Try not to overeat with each mouth­ful: putting a lot of food in our mouth all at once can bring a sense of com­fort and reassurance, but it isn’t healthy as it can en­cour­age us to eat still more. Only when we breathe nor­mally, eat less at a time, and de­cel­er­ate can we di­gest prop­erly.

Don’t an­tic­i­pate your next mouth­ful: one of the clever­est tricks to slow down your eat­ing is to never load up a fork for the next mouth­ful un­til you’ve fin­ished the one you’re eat­ing. The sight of the loaded fork wait­ing for us be­comes a tan­ta­lis­ing psy­cho­log­i­cal in­cen­tive to guz­zle ev­ery­thing even faster. If you put down your cut­lery be­tween ev­ery mouth­ful, this doesn’t hap­pen. Use that pause to look up and en­gage in con­ver­sa­tion, read some­thing, or watch the tele­vi­sion.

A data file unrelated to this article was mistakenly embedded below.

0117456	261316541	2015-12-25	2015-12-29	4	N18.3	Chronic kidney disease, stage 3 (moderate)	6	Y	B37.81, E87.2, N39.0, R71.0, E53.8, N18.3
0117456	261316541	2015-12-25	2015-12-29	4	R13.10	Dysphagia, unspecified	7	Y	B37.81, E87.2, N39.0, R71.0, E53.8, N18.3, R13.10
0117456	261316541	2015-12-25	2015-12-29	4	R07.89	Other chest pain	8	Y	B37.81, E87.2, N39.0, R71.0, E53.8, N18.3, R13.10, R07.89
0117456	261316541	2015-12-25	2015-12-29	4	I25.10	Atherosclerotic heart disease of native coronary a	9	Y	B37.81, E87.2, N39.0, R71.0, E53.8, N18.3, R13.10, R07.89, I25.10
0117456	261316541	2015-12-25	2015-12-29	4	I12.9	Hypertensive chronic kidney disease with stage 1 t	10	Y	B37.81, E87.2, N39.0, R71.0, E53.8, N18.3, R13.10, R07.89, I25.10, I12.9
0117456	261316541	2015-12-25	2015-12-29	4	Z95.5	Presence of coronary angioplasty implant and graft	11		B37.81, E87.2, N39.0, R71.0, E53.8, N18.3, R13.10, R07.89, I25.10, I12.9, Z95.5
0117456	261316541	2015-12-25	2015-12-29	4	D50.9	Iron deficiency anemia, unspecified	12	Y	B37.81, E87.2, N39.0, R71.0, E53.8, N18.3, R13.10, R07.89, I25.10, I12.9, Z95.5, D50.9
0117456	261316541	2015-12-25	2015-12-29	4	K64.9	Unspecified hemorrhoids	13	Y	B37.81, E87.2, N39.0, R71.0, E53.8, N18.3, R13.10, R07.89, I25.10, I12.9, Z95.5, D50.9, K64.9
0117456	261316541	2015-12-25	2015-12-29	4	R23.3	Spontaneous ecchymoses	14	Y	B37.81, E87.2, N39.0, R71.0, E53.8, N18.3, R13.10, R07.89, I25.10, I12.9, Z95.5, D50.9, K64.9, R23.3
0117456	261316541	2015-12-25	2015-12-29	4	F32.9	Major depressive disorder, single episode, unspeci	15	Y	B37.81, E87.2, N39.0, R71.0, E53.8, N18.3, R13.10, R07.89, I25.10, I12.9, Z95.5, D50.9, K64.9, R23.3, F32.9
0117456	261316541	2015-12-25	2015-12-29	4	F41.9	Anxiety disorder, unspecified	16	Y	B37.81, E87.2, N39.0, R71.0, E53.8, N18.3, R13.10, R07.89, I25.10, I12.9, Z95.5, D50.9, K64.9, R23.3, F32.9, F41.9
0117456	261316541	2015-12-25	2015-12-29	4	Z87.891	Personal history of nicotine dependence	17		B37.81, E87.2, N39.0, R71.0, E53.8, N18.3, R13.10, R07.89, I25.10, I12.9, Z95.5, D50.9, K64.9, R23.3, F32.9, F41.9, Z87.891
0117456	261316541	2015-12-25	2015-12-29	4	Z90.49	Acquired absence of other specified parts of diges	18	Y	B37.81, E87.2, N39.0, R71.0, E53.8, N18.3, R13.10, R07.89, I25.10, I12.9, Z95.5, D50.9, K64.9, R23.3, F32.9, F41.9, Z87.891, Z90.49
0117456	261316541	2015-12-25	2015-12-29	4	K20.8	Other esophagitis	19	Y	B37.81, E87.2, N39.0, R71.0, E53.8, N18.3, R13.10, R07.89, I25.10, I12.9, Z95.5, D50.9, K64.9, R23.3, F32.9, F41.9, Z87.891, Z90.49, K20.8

Re­assess your hunger through­out each meal: only by tak­ing reg­u­lar pauses can we re-eval­u­ate how hun­gry we are, ask­ing our­selves: “Am I still en­joy­ing this? Have I had enough now?” Only if the an­swer is yes can you com­mit to fully en­joy­ing the ex­pe­ri­ence.

Stop when you are full: there is a com­pul­sion to fin­ish ev­ery­thing on our plates. If our par­ents grew up in trou­bled times then it might have been drummed into us from an early age to al­ways eat ev­ery­thing on our plate, even if we are full. sage has to my own life. Im­mod­er­a­tion isn’t my prob­lem, rather the op­po­site. I’m too hard on my­self when I overindulge, or don’t ex­er­cise. I be­rate my­self and feel anx­ious. With the well-be­ing boom of re­cent years, I won­der if Ta­hon has seen an in­crease in over­con­trolled as op­posed to un­der-con­trolled eat­ing?